This study shows the importance of carolling in the celebrations and festivities of medieval Britain and demonstrates its longevity from the eleventh century to the sixteenth. It illustrates the flexibility of the English carole form for adaptation to include content in high and low registers and its suitability for use on all occasions and by different communal peer groups. Although the vast majority of extant texts in carol form from the late medieval period are religious in subject content, secular carolling was far more prevalent than the textual record implies. The dance-song elements of the medieval carole were so strongly woven into the vernacular cultural fabric of the British Isles that their threads can be traced through the folk songs and dances of subsequent centuries. This study contextualizes the written evidence and re-integrates the various components of the activity in order to illuminate our understanding of the universally popular medieval, participatory, pastime of carolling.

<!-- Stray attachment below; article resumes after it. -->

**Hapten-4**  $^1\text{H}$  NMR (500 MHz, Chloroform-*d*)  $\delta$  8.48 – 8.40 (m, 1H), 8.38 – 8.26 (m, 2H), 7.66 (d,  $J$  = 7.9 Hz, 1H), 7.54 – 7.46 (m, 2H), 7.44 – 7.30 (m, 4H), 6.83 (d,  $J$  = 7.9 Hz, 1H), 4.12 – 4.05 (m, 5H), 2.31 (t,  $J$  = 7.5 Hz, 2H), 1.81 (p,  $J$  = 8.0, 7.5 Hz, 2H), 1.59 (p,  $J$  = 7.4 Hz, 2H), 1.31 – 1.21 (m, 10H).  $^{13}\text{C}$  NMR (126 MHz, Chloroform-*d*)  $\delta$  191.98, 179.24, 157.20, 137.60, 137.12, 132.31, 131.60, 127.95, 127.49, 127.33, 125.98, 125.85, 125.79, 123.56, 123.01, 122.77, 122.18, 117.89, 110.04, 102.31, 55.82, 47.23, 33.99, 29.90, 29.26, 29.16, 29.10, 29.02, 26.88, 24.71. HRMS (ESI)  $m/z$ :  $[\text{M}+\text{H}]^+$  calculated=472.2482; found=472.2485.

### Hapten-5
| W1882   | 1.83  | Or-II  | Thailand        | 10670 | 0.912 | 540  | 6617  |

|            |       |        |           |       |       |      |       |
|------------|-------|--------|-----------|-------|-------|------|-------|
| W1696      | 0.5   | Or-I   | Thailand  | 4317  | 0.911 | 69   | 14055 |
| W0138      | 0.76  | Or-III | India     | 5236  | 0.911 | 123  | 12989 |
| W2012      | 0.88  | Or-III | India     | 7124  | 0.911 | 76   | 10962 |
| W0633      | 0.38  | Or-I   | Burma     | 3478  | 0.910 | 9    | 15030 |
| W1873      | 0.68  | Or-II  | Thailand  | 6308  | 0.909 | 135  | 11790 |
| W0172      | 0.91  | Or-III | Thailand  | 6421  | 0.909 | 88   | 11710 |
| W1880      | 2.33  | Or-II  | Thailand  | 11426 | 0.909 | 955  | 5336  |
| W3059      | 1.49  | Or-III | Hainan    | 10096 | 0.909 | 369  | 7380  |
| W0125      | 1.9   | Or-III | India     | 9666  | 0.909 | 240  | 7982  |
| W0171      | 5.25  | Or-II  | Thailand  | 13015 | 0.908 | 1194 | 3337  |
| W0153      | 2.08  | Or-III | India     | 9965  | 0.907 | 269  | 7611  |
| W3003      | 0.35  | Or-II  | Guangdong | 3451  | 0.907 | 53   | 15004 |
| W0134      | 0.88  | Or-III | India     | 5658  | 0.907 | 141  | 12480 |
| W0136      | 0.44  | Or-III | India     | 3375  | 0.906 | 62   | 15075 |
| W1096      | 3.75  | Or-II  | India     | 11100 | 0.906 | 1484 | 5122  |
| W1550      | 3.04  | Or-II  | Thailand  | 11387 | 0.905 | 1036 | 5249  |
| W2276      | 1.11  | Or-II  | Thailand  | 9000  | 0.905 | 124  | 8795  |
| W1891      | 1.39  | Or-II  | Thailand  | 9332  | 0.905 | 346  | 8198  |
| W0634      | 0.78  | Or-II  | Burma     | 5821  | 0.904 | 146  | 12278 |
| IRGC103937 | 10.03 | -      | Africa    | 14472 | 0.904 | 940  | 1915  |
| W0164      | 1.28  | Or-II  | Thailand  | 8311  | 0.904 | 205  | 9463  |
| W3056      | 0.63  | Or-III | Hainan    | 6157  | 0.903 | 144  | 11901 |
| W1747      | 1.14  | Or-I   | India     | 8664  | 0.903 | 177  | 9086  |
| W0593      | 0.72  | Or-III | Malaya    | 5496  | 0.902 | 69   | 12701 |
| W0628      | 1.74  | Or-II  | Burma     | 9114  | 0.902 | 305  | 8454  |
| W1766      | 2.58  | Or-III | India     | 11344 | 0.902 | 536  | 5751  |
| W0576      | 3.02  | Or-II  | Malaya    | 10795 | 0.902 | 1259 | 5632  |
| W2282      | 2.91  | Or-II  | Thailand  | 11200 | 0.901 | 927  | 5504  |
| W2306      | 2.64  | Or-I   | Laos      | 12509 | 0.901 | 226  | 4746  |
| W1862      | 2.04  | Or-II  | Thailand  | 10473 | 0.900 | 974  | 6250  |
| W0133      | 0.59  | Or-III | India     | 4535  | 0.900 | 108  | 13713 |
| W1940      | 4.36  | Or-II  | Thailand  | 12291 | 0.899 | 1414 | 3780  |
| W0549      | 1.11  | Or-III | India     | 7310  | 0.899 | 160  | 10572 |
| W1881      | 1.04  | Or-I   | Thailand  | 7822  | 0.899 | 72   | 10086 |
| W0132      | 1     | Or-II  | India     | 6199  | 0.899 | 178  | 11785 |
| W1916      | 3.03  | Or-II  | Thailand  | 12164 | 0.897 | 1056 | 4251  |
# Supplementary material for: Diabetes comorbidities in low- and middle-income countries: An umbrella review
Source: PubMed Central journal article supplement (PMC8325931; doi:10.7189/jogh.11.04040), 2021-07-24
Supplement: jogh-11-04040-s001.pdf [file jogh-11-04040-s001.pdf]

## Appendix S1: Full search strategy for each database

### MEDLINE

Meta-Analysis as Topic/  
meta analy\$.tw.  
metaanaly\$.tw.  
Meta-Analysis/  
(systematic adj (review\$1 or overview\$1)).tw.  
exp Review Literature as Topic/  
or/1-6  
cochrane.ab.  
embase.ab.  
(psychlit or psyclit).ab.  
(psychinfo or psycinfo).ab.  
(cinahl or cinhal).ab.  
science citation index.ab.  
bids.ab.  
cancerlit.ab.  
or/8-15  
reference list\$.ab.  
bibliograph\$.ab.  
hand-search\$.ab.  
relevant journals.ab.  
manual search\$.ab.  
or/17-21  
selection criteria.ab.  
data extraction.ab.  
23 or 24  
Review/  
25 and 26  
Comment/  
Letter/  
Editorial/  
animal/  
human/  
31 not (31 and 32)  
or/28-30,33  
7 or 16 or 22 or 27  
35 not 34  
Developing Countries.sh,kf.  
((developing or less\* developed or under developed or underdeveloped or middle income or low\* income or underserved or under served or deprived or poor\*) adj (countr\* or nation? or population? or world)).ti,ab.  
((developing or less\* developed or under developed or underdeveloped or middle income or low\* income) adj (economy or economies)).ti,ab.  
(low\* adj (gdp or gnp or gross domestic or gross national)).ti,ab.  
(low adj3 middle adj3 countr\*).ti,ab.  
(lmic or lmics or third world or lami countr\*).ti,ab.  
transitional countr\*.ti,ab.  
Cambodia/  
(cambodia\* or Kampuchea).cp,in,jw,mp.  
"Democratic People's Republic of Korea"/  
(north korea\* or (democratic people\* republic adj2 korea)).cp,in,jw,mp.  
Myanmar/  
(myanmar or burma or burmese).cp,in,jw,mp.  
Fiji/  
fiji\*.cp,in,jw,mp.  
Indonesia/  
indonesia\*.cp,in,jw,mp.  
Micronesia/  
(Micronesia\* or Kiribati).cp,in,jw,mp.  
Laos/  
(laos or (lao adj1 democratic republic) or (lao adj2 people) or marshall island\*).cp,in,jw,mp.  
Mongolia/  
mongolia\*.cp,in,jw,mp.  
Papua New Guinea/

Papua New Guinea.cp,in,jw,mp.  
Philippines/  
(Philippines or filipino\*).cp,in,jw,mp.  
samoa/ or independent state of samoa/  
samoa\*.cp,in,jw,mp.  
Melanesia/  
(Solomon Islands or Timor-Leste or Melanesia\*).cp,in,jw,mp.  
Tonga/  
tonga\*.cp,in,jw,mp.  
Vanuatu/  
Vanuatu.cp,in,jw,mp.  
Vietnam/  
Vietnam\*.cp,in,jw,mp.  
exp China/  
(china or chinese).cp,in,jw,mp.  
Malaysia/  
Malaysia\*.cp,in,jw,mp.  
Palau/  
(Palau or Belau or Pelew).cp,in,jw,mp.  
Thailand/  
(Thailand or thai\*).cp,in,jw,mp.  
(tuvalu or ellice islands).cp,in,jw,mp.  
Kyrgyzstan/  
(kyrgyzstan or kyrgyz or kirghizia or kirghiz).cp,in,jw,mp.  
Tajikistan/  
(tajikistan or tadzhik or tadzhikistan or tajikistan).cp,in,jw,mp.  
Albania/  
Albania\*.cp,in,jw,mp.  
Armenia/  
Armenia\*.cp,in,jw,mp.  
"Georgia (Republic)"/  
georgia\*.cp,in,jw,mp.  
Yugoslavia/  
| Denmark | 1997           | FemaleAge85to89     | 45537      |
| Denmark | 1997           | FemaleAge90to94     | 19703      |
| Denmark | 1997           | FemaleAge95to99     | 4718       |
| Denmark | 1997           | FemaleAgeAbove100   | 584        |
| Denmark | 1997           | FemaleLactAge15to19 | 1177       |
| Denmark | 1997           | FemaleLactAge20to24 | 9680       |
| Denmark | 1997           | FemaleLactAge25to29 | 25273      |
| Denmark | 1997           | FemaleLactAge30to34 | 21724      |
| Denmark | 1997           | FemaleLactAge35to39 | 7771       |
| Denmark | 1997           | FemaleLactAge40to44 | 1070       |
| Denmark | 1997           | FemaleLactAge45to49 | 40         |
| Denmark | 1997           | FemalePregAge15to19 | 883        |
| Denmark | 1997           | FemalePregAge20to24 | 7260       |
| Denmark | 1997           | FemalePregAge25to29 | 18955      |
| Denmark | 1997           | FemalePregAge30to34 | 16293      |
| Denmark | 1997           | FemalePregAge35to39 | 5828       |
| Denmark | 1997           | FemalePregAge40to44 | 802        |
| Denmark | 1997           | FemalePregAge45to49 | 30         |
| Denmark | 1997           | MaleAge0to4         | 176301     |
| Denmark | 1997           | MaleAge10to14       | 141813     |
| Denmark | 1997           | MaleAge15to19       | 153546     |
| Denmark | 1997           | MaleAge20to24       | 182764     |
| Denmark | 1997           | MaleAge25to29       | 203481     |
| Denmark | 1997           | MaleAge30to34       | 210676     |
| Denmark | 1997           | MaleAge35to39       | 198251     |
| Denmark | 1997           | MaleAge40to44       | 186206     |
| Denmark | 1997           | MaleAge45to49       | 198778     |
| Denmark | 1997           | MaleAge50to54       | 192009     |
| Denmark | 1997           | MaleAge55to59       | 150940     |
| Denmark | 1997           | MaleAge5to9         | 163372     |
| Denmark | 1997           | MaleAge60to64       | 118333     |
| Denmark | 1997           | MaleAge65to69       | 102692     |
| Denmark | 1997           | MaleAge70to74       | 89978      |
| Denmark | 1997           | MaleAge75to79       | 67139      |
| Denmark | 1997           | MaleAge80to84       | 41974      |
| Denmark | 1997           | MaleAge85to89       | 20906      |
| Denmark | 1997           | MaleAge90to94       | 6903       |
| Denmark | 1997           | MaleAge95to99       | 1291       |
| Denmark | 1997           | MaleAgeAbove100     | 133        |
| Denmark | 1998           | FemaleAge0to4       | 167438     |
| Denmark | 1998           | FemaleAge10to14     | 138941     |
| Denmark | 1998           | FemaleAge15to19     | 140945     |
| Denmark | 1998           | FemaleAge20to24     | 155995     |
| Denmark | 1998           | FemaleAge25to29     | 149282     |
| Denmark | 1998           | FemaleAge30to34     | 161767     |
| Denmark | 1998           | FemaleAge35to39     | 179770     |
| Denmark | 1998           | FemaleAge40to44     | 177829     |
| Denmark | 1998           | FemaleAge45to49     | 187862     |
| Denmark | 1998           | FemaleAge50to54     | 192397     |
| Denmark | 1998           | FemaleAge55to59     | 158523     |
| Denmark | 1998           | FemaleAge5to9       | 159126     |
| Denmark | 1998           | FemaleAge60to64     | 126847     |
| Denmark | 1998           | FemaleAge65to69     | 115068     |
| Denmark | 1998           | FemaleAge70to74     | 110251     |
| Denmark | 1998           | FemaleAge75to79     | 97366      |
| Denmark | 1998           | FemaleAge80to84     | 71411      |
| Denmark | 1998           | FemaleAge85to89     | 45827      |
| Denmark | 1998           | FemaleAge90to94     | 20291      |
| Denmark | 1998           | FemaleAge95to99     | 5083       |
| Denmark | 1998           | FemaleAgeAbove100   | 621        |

Chapter One: Carolling and Dance-Song in the Context of a Primarily Oral Culture
Chapter Two: Courtly Carolling: Contexts and Practices
Chapter Three: The Church, Carolling and the Emergence of the English Franciscan Carole Writers of the Fourteenth and Fifteenth Centuries
Chapter Four: Carole Texts in Context: The Manuscripts
Chapter Five: Carole Texts as Witnesses to Carolling Practice
Chapter Six: Survivances of Carolling in Folk Culture